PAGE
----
Election train



The BBC coach. Photo BBC

The BBC has been receiving some stick from some of its UK listeners and viewers for hiring a train to cover the election in India. The following comment is typical of some of the criticism received.

Would Mr Biswas or one of his colleagues care to justify the cost of hiring and repainting a train to bring us coverage of a far away election? Given the terrible economic difficulties we’re facing, wouldn’t it be cheaper and just as informative simply to tell us who’s won when the election when it’s over?

Such comments are wide of the mark. Peter Horrocks, the BBC’s Director of the BBC World Service, robustly defends the election train.

Using a train allows us to journey through this vast country, reaching remote locations. The journey allows us to assess issues like the economy, regional differences, religion and caste identity etc. Our teams are not remote from the story. At each stop, they will be reporting from the location, mixing with people and reporting their views to the world. They won’t just be doing this for English-speaking audiences. They will also be reporting in 13 languages, including Hindi, Somali, Urdu, Tamil, Burmese, Vietnamese and Arabic.

So why use a train and why paint it with the BBC logo? Trains are an iconic form of transport in India. This train will carry our broadcasting facilities and act as a mobile studio. It’s a practical way to allow the BBC team to cover the vast distances and to get a little bit of sleep between their hard work in each location.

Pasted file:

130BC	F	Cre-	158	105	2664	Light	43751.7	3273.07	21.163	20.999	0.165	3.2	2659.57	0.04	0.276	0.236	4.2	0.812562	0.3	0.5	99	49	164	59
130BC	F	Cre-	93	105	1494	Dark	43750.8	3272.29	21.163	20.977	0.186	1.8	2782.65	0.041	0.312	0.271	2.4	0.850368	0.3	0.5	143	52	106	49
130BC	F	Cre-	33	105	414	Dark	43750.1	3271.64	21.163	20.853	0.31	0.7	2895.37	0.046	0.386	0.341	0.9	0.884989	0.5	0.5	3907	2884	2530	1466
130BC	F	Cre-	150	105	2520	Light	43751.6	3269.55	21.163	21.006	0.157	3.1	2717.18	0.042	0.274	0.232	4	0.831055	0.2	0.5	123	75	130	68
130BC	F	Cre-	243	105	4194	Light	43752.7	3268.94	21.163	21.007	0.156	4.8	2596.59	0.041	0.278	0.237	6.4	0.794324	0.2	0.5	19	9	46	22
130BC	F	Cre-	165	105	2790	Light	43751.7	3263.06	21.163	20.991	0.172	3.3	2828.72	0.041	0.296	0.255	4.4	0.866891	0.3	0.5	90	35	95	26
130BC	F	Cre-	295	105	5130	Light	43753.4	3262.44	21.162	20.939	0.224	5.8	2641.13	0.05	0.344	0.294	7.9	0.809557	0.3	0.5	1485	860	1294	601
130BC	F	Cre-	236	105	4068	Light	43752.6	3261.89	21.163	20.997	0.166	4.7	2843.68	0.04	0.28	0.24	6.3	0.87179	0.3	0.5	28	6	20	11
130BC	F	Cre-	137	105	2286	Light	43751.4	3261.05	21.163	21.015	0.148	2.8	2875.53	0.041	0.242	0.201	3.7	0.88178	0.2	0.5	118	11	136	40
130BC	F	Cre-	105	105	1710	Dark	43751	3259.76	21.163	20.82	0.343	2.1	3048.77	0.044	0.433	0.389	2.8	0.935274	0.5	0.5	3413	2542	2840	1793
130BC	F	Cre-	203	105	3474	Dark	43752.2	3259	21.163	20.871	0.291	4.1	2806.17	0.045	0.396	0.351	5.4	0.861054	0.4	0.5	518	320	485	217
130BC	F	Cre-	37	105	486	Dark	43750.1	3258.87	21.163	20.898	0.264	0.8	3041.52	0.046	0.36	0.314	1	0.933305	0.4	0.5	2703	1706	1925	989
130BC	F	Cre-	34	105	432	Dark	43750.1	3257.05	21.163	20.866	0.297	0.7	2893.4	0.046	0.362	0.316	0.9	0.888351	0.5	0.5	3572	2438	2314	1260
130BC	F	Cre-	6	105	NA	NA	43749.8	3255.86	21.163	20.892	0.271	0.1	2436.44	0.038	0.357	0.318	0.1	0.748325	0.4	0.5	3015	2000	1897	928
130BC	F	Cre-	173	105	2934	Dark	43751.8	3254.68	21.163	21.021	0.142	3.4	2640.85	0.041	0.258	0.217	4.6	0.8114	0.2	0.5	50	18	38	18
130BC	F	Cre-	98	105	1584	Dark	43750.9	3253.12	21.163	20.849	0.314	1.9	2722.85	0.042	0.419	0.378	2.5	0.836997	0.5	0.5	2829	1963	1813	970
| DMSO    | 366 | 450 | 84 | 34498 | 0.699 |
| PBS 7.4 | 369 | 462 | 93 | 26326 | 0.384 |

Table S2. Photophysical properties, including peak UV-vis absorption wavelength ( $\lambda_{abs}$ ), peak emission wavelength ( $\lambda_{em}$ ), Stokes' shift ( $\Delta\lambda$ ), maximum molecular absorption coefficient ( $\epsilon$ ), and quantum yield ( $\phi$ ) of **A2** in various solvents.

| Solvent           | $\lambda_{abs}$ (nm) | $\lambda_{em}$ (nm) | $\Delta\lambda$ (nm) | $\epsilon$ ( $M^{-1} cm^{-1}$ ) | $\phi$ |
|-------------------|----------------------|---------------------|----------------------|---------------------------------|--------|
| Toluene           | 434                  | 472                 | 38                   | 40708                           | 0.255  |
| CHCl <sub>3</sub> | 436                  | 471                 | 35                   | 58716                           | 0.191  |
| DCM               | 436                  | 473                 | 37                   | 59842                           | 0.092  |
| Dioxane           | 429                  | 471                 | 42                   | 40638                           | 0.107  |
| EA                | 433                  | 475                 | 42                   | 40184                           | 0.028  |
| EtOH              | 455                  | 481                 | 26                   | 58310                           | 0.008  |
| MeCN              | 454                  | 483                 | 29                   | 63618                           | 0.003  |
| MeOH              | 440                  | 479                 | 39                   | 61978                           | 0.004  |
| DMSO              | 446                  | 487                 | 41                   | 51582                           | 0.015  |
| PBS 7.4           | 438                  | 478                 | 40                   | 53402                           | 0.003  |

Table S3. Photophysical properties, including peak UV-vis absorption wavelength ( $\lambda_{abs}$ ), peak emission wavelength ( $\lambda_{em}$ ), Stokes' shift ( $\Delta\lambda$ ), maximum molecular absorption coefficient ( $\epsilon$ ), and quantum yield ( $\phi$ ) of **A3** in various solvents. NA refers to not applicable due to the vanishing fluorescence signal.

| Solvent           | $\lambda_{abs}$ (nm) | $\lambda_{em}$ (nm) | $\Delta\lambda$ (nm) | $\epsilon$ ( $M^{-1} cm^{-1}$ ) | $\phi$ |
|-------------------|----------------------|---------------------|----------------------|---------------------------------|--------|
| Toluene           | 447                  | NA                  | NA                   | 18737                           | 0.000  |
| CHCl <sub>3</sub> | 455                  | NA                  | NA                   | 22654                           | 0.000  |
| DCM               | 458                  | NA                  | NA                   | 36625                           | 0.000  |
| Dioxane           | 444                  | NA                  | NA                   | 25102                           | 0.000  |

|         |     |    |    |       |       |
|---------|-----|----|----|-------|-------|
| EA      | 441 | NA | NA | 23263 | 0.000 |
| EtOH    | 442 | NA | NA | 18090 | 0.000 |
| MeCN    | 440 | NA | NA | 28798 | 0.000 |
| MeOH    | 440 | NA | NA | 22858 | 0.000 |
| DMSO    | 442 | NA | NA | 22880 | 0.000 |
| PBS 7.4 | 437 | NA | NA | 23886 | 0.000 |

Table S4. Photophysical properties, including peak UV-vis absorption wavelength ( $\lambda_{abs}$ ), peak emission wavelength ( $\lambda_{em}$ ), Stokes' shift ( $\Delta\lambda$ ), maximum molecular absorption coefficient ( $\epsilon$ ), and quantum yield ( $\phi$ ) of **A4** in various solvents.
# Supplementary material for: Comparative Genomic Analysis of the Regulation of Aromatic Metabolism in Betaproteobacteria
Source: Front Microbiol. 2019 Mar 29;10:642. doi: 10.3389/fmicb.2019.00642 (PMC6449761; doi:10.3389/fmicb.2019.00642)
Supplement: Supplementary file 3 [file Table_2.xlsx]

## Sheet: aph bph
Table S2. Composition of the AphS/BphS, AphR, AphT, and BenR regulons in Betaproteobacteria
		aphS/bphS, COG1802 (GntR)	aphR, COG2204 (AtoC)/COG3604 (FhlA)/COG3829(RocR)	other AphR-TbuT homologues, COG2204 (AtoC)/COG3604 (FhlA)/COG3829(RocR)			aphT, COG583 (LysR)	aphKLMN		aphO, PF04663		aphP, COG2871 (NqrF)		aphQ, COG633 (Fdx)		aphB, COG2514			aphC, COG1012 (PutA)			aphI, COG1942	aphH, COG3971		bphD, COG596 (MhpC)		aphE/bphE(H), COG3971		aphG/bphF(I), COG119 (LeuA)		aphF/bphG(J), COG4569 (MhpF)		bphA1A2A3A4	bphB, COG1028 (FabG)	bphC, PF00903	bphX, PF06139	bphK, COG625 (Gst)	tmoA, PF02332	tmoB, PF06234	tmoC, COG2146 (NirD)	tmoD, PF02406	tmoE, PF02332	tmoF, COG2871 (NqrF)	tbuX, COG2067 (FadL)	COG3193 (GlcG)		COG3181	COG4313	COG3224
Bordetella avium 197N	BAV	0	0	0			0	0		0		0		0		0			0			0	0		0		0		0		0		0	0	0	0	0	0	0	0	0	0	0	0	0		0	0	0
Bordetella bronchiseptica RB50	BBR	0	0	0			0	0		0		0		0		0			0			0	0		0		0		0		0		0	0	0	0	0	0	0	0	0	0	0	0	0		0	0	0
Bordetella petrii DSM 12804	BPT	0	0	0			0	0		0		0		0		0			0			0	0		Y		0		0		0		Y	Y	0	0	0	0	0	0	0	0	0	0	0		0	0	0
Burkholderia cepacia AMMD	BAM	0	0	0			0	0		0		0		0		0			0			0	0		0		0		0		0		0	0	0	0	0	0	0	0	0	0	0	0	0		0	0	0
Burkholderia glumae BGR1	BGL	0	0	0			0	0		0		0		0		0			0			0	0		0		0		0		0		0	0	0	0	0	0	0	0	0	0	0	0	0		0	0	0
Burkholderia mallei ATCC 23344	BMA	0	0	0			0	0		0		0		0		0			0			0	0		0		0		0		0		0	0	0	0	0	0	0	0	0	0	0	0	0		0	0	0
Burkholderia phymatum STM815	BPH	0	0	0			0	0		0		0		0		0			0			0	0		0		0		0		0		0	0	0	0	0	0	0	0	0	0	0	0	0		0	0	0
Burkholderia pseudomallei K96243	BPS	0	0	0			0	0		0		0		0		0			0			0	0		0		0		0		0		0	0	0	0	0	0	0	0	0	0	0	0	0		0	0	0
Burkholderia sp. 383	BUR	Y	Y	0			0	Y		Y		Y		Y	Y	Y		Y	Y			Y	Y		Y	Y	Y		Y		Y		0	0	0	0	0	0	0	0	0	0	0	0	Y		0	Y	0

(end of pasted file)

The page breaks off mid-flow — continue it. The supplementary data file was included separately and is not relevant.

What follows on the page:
Lastly, I should address the cost of the train. The UK licence fee is only making a minority contribution to the cost of the project. The overwhelming majority of the other funding comes from the BBC’s commercial global news revenues and from the World Service. Bringing the various sources of BBC funding together like this gives great value for money.

I think few international news organisations would have the scope to attempt to bring this intriguing election to life in this way. Our audiences around the world should find something of fascination from this imaginative exercise.

BTWT applauds the BBC’s initiative.

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